If a recruiter has its clients best interests at heart, then it is constrained to do what is right for the company and not for himself. It is their fiduciary responsibility and sacred trust to do everything in their power to recruit and vet each candidate until they find those who to the best of their ability to discern, the candidates will be successful in their new role and be a valuable and loyal employee for years to come. To make matters worse, most companies have a policy of only paying the first recruiter to email a resume when hired. It shouldn’t surprise you to know that this is an incentive to email a resume prior to speaking to and vetting a candidate. Where do recruiters find such resumes? The Internet of course. Knowing this, how confident can you be as a Hiring Authority that this recruiter will do what is in your best interests. When their top priority is ensuring that they put someone into the position as soon as humanly possible? The truth is that you can not. You have instead undermined your own chances of hiring the best possible candidate. You have forfeited the best for the most expedient. I am fairly confident that no one would think that was a good way to do business when it comes to designing a new product? Why should it be any different when it comes to hiring a full-time employee?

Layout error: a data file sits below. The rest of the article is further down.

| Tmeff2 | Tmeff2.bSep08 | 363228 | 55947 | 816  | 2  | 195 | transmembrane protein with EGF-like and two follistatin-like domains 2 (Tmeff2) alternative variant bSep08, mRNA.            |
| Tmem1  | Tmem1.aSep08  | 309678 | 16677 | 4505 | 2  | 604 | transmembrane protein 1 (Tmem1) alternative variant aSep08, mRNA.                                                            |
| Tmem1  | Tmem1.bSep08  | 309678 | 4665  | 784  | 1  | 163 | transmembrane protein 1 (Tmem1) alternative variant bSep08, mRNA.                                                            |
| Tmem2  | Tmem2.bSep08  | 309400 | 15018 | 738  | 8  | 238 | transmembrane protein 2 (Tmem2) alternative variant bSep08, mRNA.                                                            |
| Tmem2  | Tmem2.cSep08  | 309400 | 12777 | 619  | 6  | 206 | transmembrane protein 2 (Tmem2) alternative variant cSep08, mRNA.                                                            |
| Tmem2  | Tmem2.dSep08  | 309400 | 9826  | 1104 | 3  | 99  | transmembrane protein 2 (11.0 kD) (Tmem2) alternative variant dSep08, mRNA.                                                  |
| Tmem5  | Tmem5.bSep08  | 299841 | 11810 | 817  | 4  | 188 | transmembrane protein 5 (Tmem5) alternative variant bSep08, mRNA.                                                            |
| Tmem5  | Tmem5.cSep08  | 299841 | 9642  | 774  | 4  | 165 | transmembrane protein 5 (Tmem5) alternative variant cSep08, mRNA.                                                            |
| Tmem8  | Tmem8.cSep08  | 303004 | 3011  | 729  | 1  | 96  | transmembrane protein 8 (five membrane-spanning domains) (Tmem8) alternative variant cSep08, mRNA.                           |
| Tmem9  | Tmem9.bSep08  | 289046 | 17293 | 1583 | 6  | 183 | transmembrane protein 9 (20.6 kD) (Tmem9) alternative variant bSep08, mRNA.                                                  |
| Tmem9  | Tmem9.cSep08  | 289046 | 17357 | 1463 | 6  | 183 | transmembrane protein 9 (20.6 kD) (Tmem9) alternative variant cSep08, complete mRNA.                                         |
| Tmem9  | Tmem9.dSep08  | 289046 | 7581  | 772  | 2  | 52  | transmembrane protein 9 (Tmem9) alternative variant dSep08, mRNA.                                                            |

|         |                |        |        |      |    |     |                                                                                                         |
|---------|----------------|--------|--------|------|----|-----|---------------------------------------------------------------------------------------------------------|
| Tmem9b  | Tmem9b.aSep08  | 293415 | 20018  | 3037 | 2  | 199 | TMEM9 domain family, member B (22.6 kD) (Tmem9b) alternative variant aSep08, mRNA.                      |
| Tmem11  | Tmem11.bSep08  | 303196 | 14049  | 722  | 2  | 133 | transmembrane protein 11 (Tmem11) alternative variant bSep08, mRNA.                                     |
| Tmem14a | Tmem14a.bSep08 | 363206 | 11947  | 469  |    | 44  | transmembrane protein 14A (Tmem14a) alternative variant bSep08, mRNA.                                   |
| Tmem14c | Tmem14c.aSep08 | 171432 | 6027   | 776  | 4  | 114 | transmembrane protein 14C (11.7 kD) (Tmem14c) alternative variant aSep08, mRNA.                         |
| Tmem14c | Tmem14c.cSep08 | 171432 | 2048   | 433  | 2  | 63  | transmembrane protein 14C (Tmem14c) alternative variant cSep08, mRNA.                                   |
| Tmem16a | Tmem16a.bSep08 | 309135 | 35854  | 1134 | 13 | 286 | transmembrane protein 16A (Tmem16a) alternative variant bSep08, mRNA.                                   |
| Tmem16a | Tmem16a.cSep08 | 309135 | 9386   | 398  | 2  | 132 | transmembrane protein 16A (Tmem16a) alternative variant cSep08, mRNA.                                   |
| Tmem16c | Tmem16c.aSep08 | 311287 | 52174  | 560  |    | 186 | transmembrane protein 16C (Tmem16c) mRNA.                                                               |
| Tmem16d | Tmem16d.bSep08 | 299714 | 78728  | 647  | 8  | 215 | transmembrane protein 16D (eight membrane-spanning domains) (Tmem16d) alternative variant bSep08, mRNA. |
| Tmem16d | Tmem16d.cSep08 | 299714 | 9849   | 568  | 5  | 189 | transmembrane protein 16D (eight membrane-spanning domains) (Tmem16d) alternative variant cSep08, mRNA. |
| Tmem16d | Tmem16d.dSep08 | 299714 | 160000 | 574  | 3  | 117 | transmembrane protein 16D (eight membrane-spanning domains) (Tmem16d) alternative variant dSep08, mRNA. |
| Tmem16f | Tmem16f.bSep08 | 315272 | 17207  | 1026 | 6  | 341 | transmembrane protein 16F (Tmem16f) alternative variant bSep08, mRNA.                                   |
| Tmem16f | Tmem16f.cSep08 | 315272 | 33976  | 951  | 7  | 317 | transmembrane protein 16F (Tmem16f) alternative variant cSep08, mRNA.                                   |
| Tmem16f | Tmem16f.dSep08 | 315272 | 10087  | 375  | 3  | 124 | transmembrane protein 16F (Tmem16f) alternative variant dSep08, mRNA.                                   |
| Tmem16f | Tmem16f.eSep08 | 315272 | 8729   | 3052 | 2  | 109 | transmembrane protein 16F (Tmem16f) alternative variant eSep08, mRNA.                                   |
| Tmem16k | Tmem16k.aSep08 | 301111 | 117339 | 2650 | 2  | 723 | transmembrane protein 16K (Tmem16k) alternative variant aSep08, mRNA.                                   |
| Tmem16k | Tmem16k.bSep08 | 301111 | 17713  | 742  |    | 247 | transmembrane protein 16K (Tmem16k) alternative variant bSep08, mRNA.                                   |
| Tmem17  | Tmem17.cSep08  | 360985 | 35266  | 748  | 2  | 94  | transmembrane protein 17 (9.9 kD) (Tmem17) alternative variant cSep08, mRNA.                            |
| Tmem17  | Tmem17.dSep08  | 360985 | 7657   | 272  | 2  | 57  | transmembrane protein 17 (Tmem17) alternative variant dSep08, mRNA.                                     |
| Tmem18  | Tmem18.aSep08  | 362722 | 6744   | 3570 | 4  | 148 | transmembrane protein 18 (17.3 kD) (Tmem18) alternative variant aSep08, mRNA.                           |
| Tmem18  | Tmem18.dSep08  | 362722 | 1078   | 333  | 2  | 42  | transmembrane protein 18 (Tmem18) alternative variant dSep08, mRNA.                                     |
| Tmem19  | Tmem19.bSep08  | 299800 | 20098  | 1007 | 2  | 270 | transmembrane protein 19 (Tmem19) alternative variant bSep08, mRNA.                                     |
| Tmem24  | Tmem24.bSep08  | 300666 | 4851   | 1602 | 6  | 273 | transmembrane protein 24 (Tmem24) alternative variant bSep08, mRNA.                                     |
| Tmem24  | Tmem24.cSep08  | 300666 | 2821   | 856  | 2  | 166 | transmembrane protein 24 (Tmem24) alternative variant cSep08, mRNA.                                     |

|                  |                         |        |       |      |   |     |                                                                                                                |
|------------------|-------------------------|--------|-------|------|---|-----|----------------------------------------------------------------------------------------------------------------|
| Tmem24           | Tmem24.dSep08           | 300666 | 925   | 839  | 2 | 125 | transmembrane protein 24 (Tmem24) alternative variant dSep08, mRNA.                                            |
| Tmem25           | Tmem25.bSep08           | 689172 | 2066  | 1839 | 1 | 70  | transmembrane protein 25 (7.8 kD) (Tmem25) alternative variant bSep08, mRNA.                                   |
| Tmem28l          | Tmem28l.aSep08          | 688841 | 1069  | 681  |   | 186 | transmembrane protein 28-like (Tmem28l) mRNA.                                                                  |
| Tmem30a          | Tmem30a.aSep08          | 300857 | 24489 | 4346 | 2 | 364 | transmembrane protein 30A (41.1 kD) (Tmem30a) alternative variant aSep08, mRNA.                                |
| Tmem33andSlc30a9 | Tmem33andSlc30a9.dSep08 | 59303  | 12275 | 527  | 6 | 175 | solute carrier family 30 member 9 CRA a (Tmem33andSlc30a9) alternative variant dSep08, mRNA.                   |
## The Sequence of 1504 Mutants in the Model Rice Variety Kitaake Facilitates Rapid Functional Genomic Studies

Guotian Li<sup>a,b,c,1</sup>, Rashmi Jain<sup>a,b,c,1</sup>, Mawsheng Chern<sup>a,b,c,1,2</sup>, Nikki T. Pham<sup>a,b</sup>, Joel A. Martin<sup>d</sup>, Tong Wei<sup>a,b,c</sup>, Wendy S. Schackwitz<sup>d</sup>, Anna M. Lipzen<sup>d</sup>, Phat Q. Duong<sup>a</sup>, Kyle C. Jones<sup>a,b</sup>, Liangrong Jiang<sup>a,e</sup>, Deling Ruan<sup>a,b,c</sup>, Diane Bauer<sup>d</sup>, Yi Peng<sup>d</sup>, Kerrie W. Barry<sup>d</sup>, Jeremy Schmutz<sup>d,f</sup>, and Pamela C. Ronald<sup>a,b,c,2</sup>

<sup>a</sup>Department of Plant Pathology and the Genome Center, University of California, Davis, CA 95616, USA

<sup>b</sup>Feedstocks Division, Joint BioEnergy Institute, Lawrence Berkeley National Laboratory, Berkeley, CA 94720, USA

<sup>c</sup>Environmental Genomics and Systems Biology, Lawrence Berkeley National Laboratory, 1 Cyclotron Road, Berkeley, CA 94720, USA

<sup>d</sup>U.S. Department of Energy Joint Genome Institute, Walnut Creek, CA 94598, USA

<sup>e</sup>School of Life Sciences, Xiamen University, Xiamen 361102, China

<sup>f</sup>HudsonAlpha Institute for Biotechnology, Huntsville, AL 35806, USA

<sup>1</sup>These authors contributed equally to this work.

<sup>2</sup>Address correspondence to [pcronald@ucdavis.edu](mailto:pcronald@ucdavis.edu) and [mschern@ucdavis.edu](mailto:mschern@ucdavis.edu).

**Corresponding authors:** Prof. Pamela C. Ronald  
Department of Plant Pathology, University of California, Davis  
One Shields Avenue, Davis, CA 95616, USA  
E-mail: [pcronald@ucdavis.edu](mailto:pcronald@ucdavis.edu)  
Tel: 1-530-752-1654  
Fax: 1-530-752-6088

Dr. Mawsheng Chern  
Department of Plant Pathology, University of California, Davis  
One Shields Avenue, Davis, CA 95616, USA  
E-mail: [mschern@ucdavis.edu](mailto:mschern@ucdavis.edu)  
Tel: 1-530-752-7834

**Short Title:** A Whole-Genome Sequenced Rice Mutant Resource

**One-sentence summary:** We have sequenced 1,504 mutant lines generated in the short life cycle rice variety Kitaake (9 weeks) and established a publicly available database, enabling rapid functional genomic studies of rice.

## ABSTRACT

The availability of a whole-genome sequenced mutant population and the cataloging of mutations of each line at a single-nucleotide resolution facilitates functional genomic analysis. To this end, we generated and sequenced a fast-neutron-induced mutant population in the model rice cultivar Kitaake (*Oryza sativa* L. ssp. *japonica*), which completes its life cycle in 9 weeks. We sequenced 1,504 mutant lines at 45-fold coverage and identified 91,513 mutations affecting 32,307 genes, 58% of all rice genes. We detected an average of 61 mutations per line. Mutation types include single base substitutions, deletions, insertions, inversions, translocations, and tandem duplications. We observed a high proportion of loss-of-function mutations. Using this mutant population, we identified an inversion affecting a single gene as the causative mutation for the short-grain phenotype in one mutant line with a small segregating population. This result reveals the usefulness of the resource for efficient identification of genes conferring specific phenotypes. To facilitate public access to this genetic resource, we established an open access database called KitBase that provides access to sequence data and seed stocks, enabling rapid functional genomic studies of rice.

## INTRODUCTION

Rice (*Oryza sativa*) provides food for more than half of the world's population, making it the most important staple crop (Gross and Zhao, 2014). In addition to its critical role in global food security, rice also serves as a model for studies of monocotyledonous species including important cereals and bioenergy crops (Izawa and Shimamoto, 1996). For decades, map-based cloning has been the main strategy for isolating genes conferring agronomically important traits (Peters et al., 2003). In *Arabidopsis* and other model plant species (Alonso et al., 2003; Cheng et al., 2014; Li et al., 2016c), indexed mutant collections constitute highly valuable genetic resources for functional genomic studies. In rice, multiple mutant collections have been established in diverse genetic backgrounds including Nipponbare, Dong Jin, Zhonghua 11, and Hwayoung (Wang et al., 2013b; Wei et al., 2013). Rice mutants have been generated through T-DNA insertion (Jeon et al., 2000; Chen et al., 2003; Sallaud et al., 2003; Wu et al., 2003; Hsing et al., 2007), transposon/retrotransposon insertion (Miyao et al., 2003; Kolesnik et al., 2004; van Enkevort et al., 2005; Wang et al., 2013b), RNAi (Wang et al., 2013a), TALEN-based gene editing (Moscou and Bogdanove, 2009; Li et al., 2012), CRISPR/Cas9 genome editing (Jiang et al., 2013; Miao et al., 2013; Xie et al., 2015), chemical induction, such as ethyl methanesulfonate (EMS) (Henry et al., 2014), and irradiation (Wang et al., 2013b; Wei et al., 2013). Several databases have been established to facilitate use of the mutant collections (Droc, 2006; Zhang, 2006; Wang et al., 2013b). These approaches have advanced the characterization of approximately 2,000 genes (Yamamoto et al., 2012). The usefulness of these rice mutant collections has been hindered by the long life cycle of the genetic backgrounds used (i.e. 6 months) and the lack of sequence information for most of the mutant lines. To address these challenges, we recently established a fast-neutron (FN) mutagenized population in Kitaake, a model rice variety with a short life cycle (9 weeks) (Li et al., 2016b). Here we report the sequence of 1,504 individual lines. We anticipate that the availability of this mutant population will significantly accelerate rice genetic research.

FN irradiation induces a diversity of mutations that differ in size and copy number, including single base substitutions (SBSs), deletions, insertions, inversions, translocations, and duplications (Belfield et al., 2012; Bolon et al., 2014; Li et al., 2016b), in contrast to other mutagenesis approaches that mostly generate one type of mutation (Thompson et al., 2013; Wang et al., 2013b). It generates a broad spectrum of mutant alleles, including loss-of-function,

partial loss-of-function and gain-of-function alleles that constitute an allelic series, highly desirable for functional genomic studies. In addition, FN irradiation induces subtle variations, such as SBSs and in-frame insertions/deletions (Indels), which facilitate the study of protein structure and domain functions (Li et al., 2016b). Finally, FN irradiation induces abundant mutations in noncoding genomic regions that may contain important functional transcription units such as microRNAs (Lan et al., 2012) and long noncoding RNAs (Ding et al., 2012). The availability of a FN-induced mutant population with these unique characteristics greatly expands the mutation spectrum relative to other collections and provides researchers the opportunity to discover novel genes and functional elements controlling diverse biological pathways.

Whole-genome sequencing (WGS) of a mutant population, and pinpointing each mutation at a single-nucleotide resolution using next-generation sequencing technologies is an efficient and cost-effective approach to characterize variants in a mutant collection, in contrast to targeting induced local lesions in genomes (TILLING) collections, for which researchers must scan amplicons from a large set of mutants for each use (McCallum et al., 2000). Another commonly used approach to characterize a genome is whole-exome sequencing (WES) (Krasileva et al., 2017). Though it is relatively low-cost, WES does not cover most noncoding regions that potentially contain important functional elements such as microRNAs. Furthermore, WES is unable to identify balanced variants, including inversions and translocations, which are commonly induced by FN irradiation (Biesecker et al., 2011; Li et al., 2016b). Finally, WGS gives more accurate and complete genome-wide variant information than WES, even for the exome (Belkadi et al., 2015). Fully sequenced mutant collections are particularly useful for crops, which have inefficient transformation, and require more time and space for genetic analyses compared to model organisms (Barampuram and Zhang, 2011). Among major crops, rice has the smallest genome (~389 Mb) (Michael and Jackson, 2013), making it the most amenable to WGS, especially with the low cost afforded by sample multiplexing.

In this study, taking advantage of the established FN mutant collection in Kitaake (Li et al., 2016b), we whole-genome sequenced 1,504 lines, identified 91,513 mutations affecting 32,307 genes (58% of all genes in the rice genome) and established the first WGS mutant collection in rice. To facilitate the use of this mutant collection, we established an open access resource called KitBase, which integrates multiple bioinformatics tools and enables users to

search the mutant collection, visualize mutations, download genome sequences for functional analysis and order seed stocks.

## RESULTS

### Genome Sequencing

If what you want is a race to the “low hanging fruit,” contingency search is a great way to do it. The incentive exists to do the work as quickly as possible by taking enormous short cuts essentially putting the needs of the recruiter above the client’s. I cannot understand why this would be acceptable to any company. Rates aside, the terms are what determine the outcome of any search. Either it is rushed to make a buck or it is executed responsibly with the highest priority being finding the best possible people to fill the role and excel in it for years to come. Furthermore, I don’t believe that any smart business person would ever knowingly entrust so important a task to such an irresponsible process, let alone arrange the terms in such a way as to guarantee it. However, companies do this all the time when it comes to hiring a full time employee.